3 June 2009

The Tiananmen moment

Over on Open Democracy, Kerry Brown has an article on how the crisis of 1989 on Beijing represented a brutal lesson for China's elite in long-term political control.
In some ways, it can be interpreted as the moment when the Communist Party, rather than the government, confronted a play-off between its rhetoric on opening up and what it actually intended to do. For years it had surfed around with the ideas of freeing up civil society, the media, even village elections (which started in early 1988). But when the searching questions were sharply posed in 1989 about how the party (at least for the elder leaders) might respond to proper dissent, there was only one response: the gun. It was a brutal reminder that, for all the warm words and cosmetic changes, the heart of the party was unchanged.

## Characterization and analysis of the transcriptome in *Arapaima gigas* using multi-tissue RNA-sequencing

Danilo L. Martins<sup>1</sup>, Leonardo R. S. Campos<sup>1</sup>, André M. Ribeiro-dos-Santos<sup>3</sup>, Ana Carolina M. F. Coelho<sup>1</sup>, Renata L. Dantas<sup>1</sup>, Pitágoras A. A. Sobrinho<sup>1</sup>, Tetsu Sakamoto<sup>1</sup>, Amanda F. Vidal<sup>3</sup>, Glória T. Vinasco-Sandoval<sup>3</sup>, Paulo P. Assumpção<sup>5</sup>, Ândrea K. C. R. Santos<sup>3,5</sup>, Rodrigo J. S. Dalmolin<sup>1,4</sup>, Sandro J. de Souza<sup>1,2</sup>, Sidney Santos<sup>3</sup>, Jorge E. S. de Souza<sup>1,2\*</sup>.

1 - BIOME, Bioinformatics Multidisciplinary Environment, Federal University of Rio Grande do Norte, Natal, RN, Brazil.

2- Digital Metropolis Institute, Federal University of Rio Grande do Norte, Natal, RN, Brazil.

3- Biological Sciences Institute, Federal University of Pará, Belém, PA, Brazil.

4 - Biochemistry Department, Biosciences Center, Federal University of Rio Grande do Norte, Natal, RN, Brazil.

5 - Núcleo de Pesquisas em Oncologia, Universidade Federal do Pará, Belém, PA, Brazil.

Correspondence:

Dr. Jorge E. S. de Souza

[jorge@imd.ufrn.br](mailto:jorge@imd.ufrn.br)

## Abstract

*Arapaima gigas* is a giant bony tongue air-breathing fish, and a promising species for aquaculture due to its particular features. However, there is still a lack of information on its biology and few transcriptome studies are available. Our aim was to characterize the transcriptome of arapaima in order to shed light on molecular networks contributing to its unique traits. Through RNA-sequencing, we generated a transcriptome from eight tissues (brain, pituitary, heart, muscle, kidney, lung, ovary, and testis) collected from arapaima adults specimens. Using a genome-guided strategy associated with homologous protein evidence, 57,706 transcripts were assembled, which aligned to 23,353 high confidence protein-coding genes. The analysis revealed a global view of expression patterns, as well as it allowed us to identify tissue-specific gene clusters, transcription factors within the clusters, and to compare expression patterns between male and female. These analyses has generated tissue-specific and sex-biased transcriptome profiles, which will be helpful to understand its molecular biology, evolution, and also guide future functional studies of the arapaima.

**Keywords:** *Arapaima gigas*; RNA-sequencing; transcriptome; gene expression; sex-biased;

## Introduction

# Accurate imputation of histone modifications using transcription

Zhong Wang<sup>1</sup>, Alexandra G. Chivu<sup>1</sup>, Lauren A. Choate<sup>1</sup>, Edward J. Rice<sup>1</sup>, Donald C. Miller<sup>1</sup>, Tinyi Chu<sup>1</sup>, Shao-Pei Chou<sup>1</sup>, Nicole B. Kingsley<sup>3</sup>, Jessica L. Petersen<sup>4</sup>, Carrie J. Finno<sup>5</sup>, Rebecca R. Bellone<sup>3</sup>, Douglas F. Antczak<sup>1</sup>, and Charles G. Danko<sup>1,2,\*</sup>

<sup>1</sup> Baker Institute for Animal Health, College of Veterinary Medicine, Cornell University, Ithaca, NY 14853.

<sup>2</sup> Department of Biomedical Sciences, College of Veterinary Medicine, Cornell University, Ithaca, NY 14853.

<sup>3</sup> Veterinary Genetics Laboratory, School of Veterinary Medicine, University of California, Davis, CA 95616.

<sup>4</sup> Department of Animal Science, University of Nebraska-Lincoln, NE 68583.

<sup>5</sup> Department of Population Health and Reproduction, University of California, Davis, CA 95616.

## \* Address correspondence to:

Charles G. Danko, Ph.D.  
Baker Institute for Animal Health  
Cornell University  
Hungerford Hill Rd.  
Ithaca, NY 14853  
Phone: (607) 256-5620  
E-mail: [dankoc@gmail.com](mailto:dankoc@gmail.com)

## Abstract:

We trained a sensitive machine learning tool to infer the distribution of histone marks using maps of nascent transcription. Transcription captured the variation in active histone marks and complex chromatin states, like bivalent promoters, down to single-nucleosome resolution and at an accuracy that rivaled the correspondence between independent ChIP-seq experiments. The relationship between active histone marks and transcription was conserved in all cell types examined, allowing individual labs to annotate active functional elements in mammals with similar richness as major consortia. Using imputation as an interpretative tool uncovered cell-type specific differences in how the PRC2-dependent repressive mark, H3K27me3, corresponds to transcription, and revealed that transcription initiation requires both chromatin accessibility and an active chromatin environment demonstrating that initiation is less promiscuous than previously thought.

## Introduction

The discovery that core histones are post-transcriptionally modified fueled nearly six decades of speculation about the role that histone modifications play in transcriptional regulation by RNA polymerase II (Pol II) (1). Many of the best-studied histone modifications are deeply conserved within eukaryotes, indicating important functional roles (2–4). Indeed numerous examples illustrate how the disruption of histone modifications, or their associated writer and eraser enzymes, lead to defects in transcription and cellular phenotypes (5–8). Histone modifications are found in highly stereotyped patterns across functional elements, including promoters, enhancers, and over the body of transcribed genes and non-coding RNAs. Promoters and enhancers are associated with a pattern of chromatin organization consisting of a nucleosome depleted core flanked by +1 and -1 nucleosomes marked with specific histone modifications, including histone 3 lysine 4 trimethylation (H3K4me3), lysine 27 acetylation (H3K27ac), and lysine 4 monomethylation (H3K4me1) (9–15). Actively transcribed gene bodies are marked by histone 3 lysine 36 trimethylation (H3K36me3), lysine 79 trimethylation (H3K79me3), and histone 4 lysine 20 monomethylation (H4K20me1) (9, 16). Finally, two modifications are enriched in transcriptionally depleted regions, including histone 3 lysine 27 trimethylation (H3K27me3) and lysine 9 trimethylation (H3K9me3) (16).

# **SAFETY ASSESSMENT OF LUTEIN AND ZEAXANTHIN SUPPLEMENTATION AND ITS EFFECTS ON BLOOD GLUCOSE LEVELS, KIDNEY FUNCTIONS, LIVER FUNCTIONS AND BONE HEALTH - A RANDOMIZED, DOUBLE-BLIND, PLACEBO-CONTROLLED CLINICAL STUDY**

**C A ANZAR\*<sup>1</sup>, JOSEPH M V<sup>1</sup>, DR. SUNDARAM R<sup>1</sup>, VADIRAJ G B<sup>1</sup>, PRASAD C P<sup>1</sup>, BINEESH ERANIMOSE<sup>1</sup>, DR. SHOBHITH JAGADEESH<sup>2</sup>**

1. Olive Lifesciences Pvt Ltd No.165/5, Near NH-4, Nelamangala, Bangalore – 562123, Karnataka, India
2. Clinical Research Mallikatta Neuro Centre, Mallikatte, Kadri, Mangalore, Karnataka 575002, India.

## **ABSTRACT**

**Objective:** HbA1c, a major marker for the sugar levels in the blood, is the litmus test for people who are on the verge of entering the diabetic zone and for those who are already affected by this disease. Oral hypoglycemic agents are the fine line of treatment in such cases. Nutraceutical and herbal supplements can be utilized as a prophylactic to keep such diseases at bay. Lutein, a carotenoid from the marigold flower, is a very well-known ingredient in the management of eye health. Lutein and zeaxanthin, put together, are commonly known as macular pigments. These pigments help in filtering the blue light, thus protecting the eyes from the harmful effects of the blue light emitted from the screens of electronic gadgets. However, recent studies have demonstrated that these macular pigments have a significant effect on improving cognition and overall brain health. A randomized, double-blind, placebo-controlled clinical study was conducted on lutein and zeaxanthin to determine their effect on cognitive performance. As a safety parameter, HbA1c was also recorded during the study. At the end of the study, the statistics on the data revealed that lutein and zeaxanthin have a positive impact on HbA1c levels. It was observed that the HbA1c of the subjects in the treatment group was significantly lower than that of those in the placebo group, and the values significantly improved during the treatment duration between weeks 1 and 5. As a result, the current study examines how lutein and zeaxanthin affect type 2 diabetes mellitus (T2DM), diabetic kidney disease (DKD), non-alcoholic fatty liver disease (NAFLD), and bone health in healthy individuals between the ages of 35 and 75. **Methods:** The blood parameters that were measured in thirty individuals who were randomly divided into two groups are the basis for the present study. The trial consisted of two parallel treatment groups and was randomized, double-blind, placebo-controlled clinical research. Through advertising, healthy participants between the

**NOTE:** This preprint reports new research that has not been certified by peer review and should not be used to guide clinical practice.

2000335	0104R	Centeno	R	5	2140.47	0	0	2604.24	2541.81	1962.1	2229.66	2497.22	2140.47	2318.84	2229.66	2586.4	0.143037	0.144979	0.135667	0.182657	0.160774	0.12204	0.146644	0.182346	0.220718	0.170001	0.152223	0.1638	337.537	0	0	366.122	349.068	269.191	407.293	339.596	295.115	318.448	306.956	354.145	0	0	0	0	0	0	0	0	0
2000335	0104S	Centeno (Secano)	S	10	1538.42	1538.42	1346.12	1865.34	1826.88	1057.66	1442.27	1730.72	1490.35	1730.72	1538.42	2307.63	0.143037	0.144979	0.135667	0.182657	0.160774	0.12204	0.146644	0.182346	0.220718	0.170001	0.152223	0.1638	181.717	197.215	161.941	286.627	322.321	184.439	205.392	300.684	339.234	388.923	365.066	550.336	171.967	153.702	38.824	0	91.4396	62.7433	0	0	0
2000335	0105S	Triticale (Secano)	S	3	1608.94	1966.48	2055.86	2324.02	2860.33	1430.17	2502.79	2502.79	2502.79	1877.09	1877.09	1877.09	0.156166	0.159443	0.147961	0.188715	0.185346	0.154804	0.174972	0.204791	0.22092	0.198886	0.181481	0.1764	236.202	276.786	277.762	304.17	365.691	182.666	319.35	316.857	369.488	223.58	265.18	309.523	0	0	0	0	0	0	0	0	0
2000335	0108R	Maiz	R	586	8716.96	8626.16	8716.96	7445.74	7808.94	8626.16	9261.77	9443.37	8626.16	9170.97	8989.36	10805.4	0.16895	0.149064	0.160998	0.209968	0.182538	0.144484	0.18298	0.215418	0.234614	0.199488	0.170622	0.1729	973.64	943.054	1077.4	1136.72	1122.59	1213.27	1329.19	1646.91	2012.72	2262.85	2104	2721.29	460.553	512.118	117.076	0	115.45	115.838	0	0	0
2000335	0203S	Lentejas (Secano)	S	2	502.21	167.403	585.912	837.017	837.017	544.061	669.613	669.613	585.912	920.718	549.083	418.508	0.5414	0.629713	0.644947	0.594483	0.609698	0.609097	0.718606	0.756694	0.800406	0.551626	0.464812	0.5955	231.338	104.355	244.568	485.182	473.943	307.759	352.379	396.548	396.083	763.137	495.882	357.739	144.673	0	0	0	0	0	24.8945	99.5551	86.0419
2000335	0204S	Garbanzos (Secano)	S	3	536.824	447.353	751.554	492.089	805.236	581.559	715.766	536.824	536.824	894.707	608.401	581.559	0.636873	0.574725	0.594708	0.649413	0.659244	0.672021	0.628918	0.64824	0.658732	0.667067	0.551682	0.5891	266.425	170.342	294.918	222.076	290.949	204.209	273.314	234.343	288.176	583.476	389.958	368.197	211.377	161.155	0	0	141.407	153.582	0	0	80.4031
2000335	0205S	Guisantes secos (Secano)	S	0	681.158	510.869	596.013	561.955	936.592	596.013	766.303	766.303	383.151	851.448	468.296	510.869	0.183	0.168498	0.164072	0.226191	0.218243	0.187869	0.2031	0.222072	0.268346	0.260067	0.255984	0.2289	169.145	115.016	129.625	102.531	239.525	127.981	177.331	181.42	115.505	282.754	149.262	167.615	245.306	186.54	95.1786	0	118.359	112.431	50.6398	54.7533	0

Let it not be forgotten, though, that the events in Beijing were intertwined with the developments in eastern Europe. The movement was sparked in April by the death of pro-market, pro-democracy and anti-corruption official, Hu Yaobang. If it was not a conscious movement of dissent the protests represented nonetheless a widespread disaffection, the seed bed from which dissent springs. If anything the catalyst for the transformation of disaffection into dissent was the visit to the Chinese capital by Mikhail Gorbachev on 15 May, when huge groups of students occupied Tiananmen Square and started a hunger strike. At the same time, the protests in Beijing were being followed avidly in eastern Europe.

Ironically, as Chinese security forces began moving against the demonstrators on the night of 3-4 June 1989, Dr B and Pastor J (he then not a doctor and she not yet a pastor) were at a conference in Oxford about the social movements in eastern Europe. The Sunday schedule was then rapidly rearranged to allow a panel discussion including Tariq Ali and Dan Smith to discuss the implications of the events in China for the movements in eastern Europe. However, if in May 1989 the movement in Beijing had represented a moment of hope for activists in East Germany, by September 1989, the "Tiananmen moment", the suppression of the democracy movement by armed force, was the threat that hung over the mass demonstrations.


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